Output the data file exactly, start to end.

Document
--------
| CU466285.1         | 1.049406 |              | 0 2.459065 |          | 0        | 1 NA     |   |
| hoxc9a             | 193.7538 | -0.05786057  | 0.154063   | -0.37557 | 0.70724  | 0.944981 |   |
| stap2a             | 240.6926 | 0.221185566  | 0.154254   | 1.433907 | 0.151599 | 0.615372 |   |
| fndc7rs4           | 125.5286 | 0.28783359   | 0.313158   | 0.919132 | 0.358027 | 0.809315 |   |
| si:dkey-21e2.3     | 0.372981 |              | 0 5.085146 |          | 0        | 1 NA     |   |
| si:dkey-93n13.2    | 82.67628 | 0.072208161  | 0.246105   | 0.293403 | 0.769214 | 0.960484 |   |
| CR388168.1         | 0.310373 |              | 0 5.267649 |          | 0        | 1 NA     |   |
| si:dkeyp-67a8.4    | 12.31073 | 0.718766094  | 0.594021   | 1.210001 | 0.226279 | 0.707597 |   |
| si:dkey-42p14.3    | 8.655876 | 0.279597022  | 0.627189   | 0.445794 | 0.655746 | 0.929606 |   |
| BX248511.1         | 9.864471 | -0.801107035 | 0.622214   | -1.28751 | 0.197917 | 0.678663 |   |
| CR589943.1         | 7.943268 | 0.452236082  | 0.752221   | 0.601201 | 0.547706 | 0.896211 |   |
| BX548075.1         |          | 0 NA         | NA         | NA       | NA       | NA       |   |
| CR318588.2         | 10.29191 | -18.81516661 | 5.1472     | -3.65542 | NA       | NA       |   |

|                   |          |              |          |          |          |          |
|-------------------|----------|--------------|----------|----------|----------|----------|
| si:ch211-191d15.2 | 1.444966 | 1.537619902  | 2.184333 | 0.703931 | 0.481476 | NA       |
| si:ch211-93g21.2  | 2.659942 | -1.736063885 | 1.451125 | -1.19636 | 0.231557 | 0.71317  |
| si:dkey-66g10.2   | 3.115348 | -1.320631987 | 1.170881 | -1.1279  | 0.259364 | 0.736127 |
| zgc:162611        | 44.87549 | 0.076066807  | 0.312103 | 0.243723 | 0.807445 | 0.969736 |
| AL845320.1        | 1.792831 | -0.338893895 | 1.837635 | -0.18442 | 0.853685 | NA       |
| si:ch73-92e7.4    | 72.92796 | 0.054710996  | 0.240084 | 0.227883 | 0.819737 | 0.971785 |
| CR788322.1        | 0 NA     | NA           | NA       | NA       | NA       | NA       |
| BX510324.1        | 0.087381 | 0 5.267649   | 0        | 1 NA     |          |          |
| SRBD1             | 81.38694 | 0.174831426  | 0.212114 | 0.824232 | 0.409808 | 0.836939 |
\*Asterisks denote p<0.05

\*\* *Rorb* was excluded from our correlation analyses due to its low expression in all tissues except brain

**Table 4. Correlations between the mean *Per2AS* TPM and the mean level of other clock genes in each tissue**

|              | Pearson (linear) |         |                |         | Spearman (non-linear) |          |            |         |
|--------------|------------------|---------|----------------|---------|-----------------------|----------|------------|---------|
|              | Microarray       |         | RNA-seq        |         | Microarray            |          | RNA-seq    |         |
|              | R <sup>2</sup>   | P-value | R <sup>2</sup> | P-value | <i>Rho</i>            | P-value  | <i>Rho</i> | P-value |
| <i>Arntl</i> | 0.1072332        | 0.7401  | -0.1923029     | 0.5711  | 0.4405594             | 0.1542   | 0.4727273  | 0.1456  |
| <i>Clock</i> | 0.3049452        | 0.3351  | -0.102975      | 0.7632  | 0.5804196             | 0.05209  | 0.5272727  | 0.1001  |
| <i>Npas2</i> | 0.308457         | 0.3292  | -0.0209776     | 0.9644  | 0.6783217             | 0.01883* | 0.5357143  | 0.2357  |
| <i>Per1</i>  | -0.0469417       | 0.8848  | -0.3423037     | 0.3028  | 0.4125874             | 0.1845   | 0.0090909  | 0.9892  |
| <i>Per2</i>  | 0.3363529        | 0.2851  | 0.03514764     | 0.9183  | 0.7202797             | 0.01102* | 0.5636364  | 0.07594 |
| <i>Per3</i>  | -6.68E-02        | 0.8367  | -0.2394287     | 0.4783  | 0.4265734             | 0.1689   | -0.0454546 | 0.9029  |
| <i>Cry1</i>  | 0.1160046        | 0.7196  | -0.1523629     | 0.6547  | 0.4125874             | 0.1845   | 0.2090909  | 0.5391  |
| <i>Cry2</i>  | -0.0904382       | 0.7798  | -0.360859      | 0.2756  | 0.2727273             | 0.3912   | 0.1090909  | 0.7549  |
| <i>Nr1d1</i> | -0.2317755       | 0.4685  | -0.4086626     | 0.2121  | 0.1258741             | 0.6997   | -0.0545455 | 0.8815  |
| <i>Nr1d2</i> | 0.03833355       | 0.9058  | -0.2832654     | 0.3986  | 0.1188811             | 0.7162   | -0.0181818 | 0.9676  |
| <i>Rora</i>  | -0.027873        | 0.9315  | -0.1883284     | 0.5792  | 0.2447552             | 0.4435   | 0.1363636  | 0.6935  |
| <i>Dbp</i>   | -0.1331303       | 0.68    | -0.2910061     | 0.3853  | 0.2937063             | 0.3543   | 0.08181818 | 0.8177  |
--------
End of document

| CU466285.1         | 1.049406 |              | 0 2.459065 |          | 0        | 1 NA     |   |
| hoxc9a             | 193.7538 | -0.05786057  | 0.154063   | -0.37557 | 0.70724  | 0.944981 |   |
| stap2a             | 240.6926 | 0.221185566  | 0.154254   | 1.433907 | 0.151599 | 0.615372 |   |
| fndc7rs4           | 125.5286 | 0.28783359   | 0.313158   | 0.919132 | 0.358027 | 0.809315 |   |
| si:dkey-21e2.3     | 0.372981 |              | 0 5.085146 |          | 0        | 1 NA     |   |
| si:dkey-93n13.2    | 82.67628 | 0.072208161  | 0.246105   | 0.293403 | 0.769214 | 0.960484 |   |
| CR388168.1         | 0.310373 |              | 0 5.267649 |          | 0        | 1 NA     |   |
| si:dkeyp-67a8.4    | 12.31073 | 0.718766094  | 0.594021   | 1.210001 | 0.226279 | 0.707597 |   |
| si:dkey-42p14.3    | 8.655876 | 0.279597022  | 0.627189   | 0.445794 | 0.655746 | 0.929606 |   |
| BX248511.1         | 9.864471 | -0.801107035 | 0.622214   | -1.28751 | 0.197917 | 0.678663 |   |
| CR589943.1         | 7.943268 | 0.452236082  | 0.752221   | 0.601201 | 0.547706 | 0.896211 |   |
| BX548075.1         |          | 0 NA         | NA         | NA       | NA       | NA       |   |
| CR318588.2         | 10.29191 | -18.81516661 | 5.1472     | -3.65542 | NA       | NA       |   |

|                   |          |              |          |          |          |          |
|-------------------|----------|--------------|----------|----------|----------|----------|
| si:ch211-191d15.2 | 1.444966 | 1.537619902  | 2.184333 | 0.703931 | 0.481476 | NA       |
| si:ch211-93g21.2  | 2.659942 | -1.736063885 | 1.451125 | -1.19636 | 0.231557 | 0.71317  |
| si:dkey-66g10.2   | 3.115348 | -1.320631987 | 1.170881 | -1.1279  | 0.259364 | 0.736127 |
| zgc:162611        | 44.87549 | 0.076066807  | 0.312103 | 0.243723 | 0.807445 | 0.969736 |
| AL845320.1        | 1.792831 | -0.338893895 | 1.837635 | -0.18442 | 0.853685 | NA       |
| si:ch73-92e7.4    | 72.92796 | 0.054710996  | 0.240084 | 0.227883 | 0.819737 | 0.971785 |
| CR788322.1        | 0 NA     | NA           | NA       | NA       | NA       | NA       |
| BX510324.1        | 0.087381 | 0 5.267649   | 0        | 1 NA     |          |          |
| SRBD1             | 81.38694 | 0.174831426  | 0.212114 | 0.824232 | 0.409808 | 0.836939 |
\*Asterisks denote p<0.05

\*\* *Rorb* was excluded from our correlation analyses due to its low expression in all tissues except brain

**Table 4. Correlations between the mean *Per2AS* TPM and the mean level of other clock genes in each tissue**

|              | Pearson (linear) |         |                |         | Spearman (non-linear) |          |            |         |
|--------------|------------------|---------|----------------|---------|-----------------------|----------|------------|---------|
|              | Microarray       |         | RNA-seq        |         | Microarray            |          | RNA-seq    |         |
|              | R <sup>2</sup>   | P-value | R <sup>2</sup> | P-value | <i>Rho</i>            | P-value  | <i>Rho</i> | P-value |
| <i>Arntl</i> | 0.1072332        | 0.7401  | -0.1923029     | 0.5711  | 0.4405594             | 0.1542   | 0.4727273  | 0.1456  |
| <i>Clock</i> | 0.3049452        | 0.3351  | -0.102975      | 0.7632  | 0.5804196             | 0.05209  | 0.5272727  | 0.1001  |
| <i>Npas2</i> | 0.308457         | 0.3292  | -0.0209776     | 0.9644  | 0.6783217             | 0.01883* | 0.5357143  | 0.2357  |
| <i>Per1</i>  | -0.0469417       | 0.8848  | -0.3423037     | 0.3028  | 0.4125874             | 0.1845   | 0.0090909  | 0.9892  |
| <i>Per2</i>  | 0.3363529        | 0.2851  | 0.03514764     | 0.9183  | 0.7202797             | 0.01102* | 0.5636364  | 0.07594 |
| <i>Per3</i>  | -6.68E-02        | 0.8367  | -0.2394287     | 0.4783  | 0.4265734             | 0.1689   | -0.0454546 | 0.9029  |
| <i>Cry1</i>  | 0.1160046        | 0.7196  | -0.1523629     | 0.6547  | 0.4125874             | 0.1845   | 0.2090909  | 0.5391  |
| <i>Cry2</i>  | -0.0904382       | 0.7798  | -0.360859      | 0.2756  | 0.2727273             | 0.3912   | 0.1090909  | 0.7549  |
| <i>Nr1d1</i> | -0.2317755       | 0.4685  | -0.4086626     | 0.2121  | 0.1258741             | 0.6997   | -0.0545455 | 0.8815  |
| <i>Nr1d2</i> | 0.03833355       | 0.9058  | -0.2832654     | 0.3986  | 0.1188811             | 0.7162   | -0.0181818 | 0.9676  |
| <i>Rora</i>  | -0.027873        | 0.9315  | -0.1883284     | 0.5792  | 0.2447552             | 0.4435   | 0.1363636  | 0.6935  |
| <i>Dbp</i>   | -0.1331303       | 0.68    | -0.2910061     | 0.3853  | 0.2937063             | 0.3543   | 0.08181818 | 0.8177  |